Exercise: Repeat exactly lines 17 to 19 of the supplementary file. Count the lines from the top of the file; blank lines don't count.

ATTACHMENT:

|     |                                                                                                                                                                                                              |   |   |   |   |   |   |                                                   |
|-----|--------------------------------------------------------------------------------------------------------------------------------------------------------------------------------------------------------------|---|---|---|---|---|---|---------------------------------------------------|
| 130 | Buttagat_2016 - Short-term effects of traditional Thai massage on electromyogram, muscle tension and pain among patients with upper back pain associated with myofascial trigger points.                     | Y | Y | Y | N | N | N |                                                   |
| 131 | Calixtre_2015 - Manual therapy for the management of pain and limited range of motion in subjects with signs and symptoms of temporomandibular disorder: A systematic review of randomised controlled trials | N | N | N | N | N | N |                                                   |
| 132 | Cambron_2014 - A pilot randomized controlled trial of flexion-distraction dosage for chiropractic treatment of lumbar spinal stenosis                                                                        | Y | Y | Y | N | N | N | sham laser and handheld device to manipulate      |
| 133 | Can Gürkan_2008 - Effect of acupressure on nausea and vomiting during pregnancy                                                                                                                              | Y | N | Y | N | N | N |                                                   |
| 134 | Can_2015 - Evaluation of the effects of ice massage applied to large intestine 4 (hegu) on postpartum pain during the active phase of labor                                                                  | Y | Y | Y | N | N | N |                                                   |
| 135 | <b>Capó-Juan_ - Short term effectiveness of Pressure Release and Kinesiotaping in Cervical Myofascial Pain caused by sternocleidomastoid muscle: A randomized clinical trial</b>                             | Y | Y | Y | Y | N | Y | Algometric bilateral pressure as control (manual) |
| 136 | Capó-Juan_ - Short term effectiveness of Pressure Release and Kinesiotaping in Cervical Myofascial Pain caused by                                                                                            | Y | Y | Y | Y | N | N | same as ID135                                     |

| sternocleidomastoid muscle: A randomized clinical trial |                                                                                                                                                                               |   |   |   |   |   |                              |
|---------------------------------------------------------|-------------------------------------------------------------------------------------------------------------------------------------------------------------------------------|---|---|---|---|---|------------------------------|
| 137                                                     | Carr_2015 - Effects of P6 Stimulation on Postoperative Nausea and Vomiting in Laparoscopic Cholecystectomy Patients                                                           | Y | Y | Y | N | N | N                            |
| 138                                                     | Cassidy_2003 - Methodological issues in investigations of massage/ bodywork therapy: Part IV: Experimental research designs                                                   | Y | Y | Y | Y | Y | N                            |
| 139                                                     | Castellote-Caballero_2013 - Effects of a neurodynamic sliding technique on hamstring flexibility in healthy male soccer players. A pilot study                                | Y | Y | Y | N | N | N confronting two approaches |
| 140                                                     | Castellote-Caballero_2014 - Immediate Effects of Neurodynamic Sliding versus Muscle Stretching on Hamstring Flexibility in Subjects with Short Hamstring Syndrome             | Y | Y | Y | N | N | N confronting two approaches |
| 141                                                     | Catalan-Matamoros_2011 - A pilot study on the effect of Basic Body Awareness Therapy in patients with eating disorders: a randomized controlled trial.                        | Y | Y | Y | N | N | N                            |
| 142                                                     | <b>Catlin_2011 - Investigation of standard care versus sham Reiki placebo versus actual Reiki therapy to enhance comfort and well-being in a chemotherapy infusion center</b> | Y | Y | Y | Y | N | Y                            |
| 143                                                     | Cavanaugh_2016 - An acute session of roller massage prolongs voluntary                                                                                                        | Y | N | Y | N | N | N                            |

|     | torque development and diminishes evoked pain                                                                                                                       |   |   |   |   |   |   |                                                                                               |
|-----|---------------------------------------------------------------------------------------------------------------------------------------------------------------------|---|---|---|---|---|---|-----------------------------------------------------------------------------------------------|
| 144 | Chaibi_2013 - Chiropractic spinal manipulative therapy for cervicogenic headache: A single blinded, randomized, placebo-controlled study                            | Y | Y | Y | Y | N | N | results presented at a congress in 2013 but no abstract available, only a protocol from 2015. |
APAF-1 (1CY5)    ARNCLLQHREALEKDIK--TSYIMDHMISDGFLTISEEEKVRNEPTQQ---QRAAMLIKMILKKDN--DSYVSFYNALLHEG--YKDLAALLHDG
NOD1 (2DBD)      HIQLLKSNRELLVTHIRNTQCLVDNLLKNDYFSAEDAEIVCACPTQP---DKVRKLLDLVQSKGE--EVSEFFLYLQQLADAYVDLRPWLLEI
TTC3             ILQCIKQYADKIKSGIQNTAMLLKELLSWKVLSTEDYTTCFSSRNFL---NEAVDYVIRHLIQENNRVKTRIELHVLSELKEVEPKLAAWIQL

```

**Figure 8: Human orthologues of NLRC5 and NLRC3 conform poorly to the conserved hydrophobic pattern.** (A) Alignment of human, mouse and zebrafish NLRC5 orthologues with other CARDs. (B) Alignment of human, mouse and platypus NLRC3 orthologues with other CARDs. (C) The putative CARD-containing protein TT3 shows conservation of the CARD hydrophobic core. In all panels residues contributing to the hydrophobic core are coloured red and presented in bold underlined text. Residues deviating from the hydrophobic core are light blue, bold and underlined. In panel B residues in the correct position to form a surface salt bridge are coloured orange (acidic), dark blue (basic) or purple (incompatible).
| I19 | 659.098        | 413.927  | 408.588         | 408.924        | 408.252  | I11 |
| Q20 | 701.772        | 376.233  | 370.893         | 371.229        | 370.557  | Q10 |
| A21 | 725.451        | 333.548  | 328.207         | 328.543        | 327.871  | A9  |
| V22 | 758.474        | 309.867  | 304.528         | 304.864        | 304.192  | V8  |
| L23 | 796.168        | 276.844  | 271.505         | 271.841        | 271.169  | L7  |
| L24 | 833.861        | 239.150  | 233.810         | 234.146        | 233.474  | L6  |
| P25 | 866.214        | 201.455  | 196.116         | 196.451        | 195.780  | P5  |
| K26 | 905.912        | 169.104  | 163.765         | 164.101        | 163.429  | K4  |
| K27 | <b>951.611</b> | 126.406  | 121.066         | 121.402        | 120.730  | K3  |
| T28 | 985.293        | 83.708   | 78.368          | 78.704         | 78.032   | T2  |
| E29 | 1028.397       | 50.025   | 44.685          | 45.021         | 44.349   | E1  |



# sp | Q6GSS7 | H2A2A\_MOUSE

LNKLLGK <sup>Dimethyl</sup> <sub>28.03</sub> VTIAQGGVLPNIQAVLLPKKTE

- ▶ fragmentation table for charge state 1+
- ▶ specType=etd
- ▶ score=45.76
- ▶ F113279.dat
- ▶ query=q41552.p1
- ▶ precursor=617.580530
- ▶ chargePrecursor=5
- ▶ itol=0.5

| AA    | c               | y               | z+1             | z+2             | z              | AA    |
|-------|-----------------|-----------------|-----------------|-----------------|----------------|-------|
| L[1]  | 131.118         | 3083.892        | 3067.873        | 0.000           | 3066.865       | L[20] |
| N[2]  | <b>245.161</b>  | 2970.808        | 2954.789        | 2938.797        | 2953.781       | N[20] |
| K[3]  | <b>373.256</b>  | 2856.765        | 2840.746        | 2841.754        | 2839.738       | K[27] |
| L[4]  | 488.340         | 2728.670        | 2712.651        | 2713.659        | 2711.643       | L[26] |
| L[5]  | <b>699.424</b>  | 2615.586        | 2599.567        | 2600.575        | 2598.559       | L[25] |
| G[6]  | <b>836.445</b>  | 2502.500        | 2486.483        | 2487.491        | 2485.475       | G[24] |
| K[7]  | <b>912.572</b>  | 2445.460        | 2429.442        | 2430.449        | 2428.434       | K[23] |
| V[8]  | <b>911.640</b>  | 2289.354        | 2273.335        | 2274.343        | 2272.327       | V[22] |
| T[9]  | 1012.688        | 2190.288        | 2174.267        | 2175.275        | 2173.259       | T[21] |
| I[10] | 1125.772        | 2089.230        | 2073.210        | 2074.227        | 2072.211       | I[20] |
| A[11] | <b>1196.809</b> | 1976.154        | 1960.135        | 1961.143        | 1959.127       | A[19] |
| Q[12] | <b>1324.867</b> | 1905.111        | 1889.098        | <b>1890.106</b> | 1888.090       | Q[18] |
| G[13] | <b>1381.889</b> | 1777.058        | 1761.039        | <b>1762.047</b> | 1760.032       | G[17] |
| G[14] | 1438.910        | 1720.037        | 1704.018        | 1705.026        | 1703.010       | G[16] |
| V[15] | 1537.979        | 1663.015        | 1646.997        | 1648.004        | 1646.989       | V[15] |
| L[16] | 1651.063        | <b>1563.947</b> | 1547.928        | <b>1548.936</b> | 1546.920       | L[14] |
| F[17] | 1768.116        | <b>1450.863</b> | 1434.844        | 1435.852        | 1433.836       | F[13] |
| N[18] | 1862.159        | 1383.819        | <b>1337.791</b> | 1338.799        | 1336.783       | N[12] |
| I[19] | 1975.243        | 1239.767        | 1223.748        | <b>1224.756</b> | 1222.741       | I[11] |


| 142                                                     | <b>Catlin_2011 - Investigation of standard care versus sham Reiki placebo versus actual Reiki therapy to enhance comfort and well-being in a chemotherapy infusion center</b> | Y | Y | Y | Y | N | Y                            |
| 143                                                     | Cavanaugh_2016 - An acute session of roller massage prolongs voluntary                                                                                                        | Y | N | Y | N | N | N                            |

|     | torque development and diminishes evoked pain                                                                                                                       |   |   |   |   |   |   |                                                                                               |